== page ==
For example, Muriel is very critical when it comes to just about everyone, especially her daughters. Flora, as a victim of this criticism is a sympathetic character, but Jaffe repeats one specific criticism so often that it seems her point was not to portray Flora as sympathetic but to see her as flawed and in need of her mother’s criticism.

I personally felt affronted by Muriel’s opinions on quality of life and one’s weight and some of the casual jabs at “the other” may have been flippant on the author’s part, but they were no less hurtful. In the end, I believe we’re meant to empathize with Muriel, but I found her cold and unkind. Had the author meant for this to happen, perhaps there would have been some kind of revelatory moment wherein she realizes how callous she can be. Instead, the revelation goes to Flora who is perhaps the one character least in need of an alteration of perspective.

3.02.2011

Review: Hood - King Raven Trilogy, Book 1, by Stephen Lawhead

Billed as "Robin Hood - the legend begins anew," Hood gives re-birth to the Robin Hood of lore in a new time and a new place. Rather than keeping to the assumed boundaries of the Old English tales, Lawhead explores what he (as he explains in the afterword, titled "Robin Hood in Wales?") believes could be the true origins of the legendary thief and his band of merry men. 


It takes place earlier than Richard and his crusades (from 1080 to 1100 AD - Richard wasn't king until 1189...sorry, Sean Connery - no cameo in this one!), and a hundred or so miles to the South West of present-day Nottingham, in Wales. The change of time and of place lends a more mystical feel to the story; Lawhead employs a religion within the tale that seems a strangely cohesive mixture of Christianity, Paganism, Celtic lore and Magic. In addition, the language of the place and time works in two ways - first, it establishes that place and time, and second it acts as a device for Lawhead to provide explanations for that place and time. For example, Bran ap Brychan (the main character) is called Rhi Bran by his people - the word Rhi is the word for King and Bran translates to Raven so, literally King Raven, but given the language barrier between the Welsh natives and their Ffrenic conquerors, you can see how Rhi Bran could end up as "Robin" just as the new bishop confuses "Hud" (meaning male witch/warlock/sorcerer person) for "Hood."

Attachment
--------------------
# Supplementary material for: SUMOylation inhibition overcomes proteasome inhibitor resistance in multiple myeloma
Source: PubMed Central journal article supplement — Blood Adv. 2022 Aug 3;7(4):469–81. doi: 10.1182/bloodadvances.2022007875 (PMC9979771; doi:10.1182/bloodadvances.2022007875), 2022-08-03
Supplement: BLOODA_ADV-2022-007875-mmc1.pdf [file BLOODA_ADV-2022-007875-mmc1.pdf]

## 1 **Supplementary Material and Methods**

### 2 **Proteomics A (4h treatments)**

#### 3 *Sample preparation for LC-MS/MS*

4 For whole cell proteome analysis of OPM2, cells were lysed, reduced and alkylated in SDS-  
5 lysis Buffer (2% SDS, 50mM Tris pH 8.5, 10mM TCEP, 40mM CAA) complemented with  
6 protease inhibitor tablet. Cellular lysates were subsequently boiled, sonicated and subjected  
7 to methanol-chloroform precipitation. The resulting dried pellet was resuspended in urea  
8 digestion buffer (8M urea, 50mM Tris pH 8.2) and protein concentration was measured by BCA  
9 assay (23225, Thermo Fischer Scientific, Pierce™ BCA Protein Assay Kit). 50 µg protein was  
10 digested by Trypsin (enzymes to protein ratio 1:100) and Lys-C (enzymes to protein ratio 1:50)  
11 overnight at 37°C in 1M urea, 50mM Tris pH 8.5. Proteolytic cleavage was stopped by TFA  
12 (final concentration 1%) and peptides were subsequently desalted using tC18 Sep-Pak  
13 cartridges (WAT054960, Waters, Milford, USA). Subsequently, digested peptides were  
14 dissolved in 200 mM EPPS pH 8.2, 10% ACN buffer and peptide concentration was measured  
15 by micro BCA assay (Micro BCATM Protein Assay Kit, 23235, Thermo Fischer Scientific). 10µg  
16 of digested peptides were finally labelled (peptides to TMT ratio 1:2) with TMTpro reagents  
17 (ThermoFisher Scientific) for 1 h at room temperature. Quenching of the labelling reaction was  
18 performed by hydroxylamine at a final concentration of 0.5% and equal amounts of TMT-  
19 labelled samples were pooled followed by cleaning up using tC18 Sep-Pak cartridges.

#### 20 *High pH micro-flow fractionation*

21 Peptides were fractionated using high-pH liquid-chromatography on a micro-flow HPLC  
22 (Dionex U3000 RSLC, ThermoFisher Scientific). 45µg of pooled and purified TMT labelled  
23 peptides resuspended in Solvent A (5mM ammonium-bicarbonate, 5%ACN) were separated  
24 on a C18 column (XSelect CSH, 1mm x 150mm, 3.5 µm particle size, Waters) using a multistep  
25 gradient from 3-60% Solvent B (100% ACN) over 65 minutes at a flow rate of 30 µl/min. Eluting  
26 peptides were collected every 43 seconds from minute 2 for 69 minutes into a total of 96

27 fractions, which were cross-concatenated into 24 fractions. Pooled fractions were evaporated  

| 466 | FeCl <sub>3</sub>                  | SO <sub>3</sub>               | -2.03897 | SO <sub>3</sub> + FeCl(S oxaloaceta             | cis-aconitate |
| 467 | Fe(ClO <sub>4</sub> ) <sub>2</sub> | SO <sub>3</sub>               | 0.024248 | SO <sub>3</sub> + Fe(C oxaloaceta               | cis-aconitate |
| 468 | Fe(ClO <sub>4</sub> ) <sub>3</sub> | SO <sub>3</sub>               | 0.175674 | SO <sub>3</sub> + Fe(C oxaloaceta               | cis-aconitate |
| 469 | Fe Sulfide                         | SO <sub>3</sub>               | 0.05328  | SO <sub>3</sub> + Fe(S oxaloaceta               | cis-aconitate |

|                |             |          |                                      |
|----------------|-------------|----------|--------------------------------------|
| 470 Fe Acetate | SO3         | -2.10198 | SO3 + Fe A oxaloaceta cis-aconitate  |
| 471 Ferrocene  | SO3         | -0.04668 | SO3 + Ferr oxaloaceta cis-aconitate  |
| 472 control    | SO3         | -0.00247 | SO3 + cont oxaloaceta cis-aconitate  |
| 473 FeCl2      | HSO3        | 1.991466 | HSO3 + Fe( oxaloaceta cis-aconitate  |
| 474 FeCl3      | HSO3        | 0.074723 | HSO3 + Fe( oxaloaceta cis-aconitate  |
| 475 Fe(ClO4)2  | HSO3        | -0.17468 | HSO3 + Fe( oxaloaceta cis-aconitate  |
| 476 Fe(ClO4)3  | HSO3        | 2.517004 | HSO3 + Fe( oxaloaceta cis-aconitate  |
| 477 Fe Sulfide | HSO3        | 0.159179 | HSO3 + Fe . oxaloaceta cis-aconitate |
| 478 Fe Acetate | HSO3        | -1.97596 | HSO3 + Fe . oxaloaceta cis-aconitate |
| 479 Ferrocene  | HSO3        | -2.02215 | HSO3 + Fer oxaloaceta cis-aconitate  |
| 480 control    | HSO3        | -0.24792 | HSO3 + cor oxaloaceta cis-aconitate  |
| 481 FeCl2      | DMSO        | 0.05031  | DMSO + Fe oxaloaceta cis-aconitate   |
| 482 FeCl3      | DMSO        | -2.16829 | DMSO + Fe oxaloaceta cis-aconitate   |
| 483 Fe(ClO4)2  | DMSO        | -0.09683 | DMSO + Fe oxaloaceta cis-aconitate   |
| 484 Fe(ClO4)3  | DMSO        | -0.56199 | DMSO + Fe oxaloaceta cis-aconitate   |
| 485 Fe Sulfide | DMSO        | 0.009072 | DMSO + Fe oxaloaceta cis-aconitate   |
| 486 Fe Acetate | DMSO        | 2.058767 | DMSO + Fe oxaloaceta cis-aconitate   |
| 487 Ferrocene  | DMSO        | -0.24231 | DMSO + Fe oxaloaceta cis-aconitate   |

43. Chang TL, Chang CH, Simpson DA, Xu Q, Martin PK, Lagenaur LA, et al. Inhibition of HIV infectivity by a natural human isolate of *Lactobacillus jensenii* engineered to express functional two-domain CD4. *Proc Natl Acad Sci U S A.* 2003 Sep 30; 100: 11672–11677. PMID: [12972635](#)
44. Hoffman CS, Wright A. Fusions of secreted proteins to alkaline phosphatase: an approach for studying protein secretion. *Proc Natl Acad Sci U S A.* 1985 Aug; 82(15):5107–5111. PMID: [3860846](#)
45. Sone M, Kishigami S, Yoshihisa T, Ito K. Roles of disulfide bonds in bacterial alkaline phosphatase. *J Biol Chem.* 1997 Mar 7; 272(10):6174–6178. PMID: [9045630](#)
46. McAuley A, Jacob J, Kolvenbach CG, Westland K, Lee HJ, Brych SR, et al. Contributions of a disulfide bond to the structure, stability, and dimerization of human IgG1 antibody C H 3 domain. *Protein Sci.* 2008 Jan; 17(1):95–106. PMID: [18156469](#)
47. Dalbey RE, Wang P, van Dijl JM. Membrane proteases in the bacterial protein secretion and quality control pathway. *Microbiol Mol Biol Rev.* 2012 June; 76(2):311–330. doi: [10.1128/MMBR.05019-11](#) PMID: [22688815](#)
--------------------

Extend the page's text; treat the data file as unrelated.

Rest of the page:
This volume, being the first in the King Raven ¹ trilogy, is mostly expository. it establishes the hero, his troupe, and a variety of villainous characters who oppose them, each one seemingly worse than the one before. Exposition in fiction (especially in a series) can sometimes come across as forced. But here (where there is a certain amount of information to be expected, given the legend) that doesn't happen so much. For example, while Bran's growth from profligate youth to warrior king of the forest is vividly akin to that of Edmund Dantès in The Count of Monte Cristo, the revelation that Iwan would, henceforth, be "Little John" and, on the same page, that Friar Aethelfrith would be Friar Tuck seems somewhat rushed and forced, and a little predictable. But the groundwork is deftly laid, and hopefully the next two books focus more on the real conflict than on the basics ².